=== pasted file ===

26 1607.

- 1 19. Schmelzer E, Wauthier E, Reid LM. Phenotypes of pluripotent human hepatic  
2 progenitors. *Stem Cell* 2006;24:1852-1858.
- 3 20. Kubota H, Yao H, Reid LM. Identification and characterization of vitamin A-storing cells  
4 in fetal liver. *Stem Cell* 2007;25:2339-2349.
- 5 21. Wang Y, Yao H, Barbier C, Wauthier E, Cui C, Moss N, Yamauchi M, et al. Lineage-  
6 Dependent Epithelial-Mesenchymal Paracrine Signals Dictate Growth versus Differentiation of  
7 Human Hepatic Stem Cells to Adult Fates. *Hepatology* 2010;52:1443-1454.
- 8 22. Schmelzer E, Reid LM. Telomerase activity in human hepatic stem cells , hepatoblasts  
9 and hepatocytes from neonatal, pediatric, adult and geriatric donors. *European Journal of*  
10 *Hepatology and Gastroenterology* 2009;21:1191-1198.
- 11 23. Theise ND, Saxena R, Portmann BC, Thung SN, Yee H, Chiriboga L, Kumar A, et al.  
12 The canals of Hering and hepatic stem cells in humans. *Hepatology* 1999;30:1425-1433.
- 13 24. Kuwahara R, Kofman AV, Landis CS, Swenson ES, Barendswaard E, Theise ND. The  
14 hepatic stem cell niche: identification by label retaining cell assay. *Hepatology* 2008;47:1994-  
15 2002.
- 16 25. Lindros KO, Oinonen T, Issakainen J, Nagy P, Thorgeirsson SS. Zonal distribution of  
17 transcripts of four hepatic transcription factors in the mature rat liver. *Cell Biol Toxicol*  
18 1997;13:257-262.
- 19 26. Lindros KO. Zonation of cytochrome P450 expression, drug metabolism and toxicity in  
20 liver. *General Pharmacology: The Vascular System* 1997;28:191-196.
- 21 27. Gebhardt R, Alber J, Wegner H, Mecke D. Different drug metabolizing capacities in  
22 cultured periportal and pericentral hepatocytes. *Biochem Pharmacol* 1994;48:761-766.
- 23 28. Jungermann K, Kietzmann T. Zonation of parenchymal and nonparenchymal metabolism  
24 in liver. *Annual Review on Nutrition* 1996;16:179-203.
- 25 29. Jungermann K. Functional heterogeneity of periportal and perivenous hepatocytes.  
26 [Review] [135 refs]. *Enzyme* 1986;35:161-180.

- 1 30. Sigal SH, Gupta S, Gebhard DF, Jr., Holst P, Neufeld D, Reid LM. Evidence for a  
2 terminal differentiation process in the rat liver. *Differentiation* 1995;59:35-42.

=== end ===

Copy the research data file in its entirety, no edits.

26 1607.

- 1 19. Schmelzer E, Wauthier E, Reid LM. Phenotypes of pluripotent human hepatic  
2 progenitors. *Stem Cell* 2006;24:1852-1858.
- 3 20. Kubota H, Yao H, Reid LM. Identification and characterization of vitamin A-storing cells  
4 in fetal liver. *Stem Cell* 2007;25:2339-2349.
- 5 21. Wang Y, Yao H, Barbier C, Wauthier E, Cui C, Moss N, Yamauchi M, et al. Lineage-  
6 Dependent Epithelial-Mesenchymal Paracrine Signals Dictate Growth versus Differentiation of  
7 Human Hepatic Stem Cells to Adult Fates. *Hepatology* 2010;52:1443-1454.
- 8 22. Schmelzer E, Reid LM. Telomerase activity in human hepatic stem cells , hepatoblasts  
9 and hepatocytes from neonatal, pediatric, adult and geriatric donors. *European Journal of*  
10 *Hepatology and Gastroenterology* 2009;21:1191-1198.
- 11 23. Theise ND, Saxena R, Portmann BC, Thung SN, Yee H, Chiriboga L, Kumar A, et al.  
12 The canals of Hering and hepatic stem cells in humans. *Hepatology* 1999;30:1425-1433.
- 13 24. Kuwahara R, Kofman AV, Landis CS, Swenson ES, Barendswaard E, Theise ND. The  
14 hepatic stem cell niche: identification by label retaining cell assay. *Hepatology* 2008;47:1994-  
15 2002.
- 16 25. Lindros KO, Oinonen T, Issakainen J, Nagy P, Thorgeirsson SS. Zonal distribution of  
17 transcripts of four hepatic transcription factors in the mature rat liver. *Cell Biol Toxicol*  
18 1997;13:257-262.
- 19 26. Lindros KO. Zonation of cytochrome P450 expression, drug metabolism and toxicity in  
20 liver. *General Pharmacology: The Vascular System* 1997;28:191-196.
- 21 27. Gebhardt R, Alber J, Wegner H, Mecke D. Different drug metabolizing capacities in  
22 cultured periportal and pericentral hepatocytes. *Biochem Pharmacol* 1994;48:761-766.
- 23 28. Jungermann K, Kietzmann T. Zonation of parenchymal and nonparenchymal metabolism  
24 in liver. *Annual Review on Nutrition* 1996;16:179-203.
- 25 29. Jungermann K. Functional heterogeneity of periportal and perivenous hepatocytes.  
26 [Review] [135 refs]. *Enzyme* 1986;35:161-180.

- 1 30. Sigal SH, Gupta S, Gebhard DF, Jr., Holst P, Neufeld D, Reid LM. Evidence for a  
2 terminal differentiation process in the rat liver. *Differentiation* 1995;59:35-42.